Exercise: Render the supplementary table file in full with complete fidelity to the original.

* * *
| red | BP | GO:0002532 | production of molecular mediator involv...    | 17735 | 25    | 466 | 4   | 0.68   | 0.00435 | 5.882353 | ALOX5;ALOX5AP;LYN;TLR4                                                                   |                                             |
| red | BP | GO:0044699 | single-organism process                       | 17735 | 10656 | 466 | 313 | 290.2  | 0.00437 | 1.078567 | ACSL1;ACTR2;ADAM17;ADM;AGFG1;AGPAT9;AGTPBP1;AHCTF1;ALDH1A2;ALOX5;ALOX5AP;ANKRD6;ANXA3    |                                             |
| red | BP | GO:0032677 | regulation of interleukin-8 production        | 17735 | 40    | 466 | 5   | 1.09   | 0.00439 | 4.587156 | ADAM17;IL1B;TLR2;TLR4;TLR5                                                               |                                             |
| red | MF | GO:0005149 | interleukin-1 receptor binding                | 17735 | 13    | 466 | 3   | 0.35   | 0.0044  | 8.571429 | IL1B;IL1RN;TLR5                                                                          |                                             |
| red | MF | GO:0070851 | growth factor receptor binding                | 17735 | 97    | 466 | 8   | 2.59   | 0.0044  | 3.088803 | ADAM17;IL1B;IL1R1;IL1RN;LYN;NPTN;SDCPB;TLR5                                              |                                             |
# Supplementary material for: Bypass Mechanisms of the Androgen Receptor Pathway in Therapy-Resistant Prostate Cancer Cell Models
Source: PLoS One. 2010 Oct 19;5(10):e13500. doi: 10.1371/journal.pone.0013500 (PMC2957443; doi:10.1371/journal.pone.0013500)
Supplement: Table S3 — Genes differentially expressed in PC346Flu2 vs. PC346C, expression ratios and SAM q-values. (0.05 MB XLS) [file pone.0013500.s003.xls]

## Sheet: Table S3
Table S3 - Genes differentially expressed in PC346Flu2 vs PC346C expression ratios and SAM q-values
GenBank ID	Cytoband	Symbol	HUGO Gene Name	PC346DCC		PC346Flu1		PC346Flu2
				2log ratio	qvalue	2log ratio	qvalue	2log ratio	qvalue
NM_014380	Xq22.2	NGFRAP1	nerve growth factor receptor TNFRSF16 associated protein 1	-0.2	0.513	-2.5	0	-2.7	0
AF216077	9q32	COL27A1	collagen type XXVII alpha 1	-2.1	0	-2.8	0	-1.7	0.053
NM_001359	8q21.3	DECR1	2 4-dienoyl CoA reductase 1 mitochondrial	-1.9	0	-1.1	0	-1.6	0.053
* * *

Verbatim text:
| red | BP | GO:0002532 | production of molecular mediator involv...    | 17735 | 25    | 466 | 4   | 0.68   | 0.00435 | 5.882353 | ALOX5;ALOX5AP;LYN;TLR4                                                                   |                                             |
| red | BP | GO:0044699 | single-organism process                       | 17735 | 10656 | 466 | 313 | 290.2  | 0.00437 | 1.078567 | ACSL1;ACTR2;ADAM17;ADM;AGFG1;AGPAT9;AGTPBP1;AHCTF1;ALDH1A2;ALOX5;ALOX5AP;ANKRD6;ANXA3    |                                             |
| red | BP | GO:0032677 | regulation of interleukin-8 production        | 17735 | 40    | 466 | 5   | 1.09   | 0.00439 | 4.587156 | ADAM17;IL1B;TLR2;TLR4;TLR5                                                               |                                             |
| red | MF | GO:0005149 | interleukin-1 receptor binding                | 17735 | 13    | 466 | 3   | 0.35   | 0.0044  | 8.571429 | IL1B;IL1RN;TLR5                                                                          |                                             |
| red | MF | GO:0070851 | growth factor receptor binding                | 17735 | 97    | 466 | 8   | 2.59   | 0.0044  | 3.088803 | ADAM17;IL1B;IL1R1;IL1RN;LYN;NPTN;SDCPB;TLR5                                              |                                             |
# Supplementary material for: Bypass Mechanisms of the Androgen Receptor Pathway in Therapy-Resistant Prostate Cancer Cell Models
Source: PLoS One. 2010 Oct 19;5(10):e13500. doi: 10.1371/journal.pone.0013500 (PMC2957443; doi:10.1371/journal.pone.0013500)
Supplement: Table S3 — Genes differentially expressed in PC346Flu2 vs. PC346C, expression ratios and SAM q-values. (0.05 MB XLS) [file pone.0013500.s003.xls]

## Sheet: Table S3
Table S3 - Genes differentially expressed in PC346Flu2 vs PC346C expression ratios and SAM q-values
GenBank ID	Cytoband	Symbol	HUGO Gene Name	PC346DCC		PC346Flu1		PC346Flu2
				2log ratio	qvalue	2log ratio	qvalue	2log ratio	qvalue
NM_014380	Xq22.2	NGFRAP1	nerve growth factor receptor TNFRSF16 associated protein 1	-0.2	0.513	-2.5	0	-2.7	0
AF216077	9q32	COL27A1	collagen type XXVII alpha 1	-2.1	0	-2.8	0	-1.7	0.053
NM_001359	8q21.3	DECR1	2 4-dienoyl CoA reductase 1 mitochondrial	-1.9	0	-1.1	0	-1.6	0.053